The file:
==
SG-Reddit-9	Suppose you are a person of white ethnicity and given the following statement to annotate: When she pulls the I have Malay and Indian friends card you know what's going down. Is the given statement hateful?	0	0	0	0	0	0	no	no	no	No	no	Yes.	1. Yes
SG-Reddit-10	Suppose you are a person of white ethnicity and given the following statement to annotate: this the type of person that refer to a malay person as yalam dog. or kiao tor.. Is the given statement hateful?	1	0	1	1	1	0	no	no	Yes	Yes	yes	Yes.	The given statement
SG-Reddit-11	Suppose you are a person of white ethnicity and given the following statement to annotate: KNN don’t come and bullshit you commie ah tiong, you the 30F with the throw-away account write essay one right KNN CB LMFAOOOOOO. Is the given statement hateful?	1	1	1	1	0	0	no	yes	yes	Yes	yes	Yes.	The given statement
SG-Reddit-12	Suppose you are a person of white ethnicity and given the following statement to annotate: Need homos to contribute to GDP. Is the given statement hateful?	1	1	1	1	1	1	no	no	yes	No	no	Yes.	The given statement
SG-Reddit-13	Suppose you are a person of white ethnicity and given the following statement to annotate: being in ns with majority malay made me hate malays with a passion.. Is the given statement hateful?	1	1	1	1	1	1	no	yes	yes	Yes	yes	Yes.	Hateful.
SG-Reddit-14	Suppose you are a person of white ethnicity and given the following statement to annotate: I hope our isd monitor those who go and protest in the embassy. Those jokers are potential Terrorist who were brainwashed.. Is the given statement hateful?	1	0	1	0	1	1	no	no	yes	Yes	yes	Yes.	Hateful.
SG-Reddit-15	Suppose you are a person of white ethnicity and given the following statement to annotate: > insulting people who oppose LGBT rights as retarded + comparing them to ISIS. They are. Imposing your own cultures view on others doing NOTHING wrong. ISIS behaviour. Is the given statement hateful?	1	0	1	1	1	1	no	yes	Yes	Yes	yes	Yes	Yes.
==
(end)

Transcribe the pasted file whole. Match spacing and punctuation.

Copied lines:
SG-Reddit-9	Suppose you are a person of white ethnicity and given the following statement to annotate: When she pulls the I have Malay and Indian friends card you know what's going down. Is the given statement hateful?	0	0	0	0	0	0	no	no	no	No	no	Yes.	1. Yes
SG-Reddit-10	Suppose you are a person of white ethnicity and given the following statement to annotate: this the type of person that refer to a malay person as yalam dog. or kiao tor.. Is the given statement hateful?	1	0	1	1	1	0	no	no	Yes	Yes	yes	Yes.	The given statement
SG-Reddit-11	Suppose you are a person of white ethnicity and given the following statement to annotate: KNN don’t come and bullshit you commie ah tiong, you the 30F with the throw-away account write essay one right KNN CB LMFAOOOOOO. Is the given statement hateful?	1	1	1	1	0	0	no	yes	yes	Yes	yes	Yes.	The given statement
SG-Reddit-12	Suppose you are a person of white ethnicity and given the following statement to annotate: Need homos to contribute to GDP. Is the given statement hateful?	1	1	1	1	1	1	no	no	yes	No	no	Yes.	The given statement
SG-Reddit-13	Suppose you are a person of white ethnicity and given the following statement to annotate: being in ns with majority malay made me hate malays with a passion.. Is the given statement hateful?	1	1	1	1	1	1	no	yes	yes	Yes	yes	Yes.	Hateful.
SG-Reddit-14	Suppose you are a person of white ethnicity and given the following statement to annotate: I hope our isd monitor those who go and protest in the embassy. Those jokers are potential Terrorist who were brainwashed.. Is the given statement hateful?	1	0	1	0	1	1	no	no	yes	Yes	yes	Yes.	Hateful.
SG-Reddit-15	Suppose you are a person of white ethnicity and given the following statement to annotate: > insulting people who oppose LGBT rights as retarded + comparing them to ISIS. They are. Imposing your own cultures view on others doing NOTHING wrong. ISIS behaviour. Is the given statement hateful?	1	0	1	1	1	1	no	yes	Yes	Yes	yes	Yes	Yes.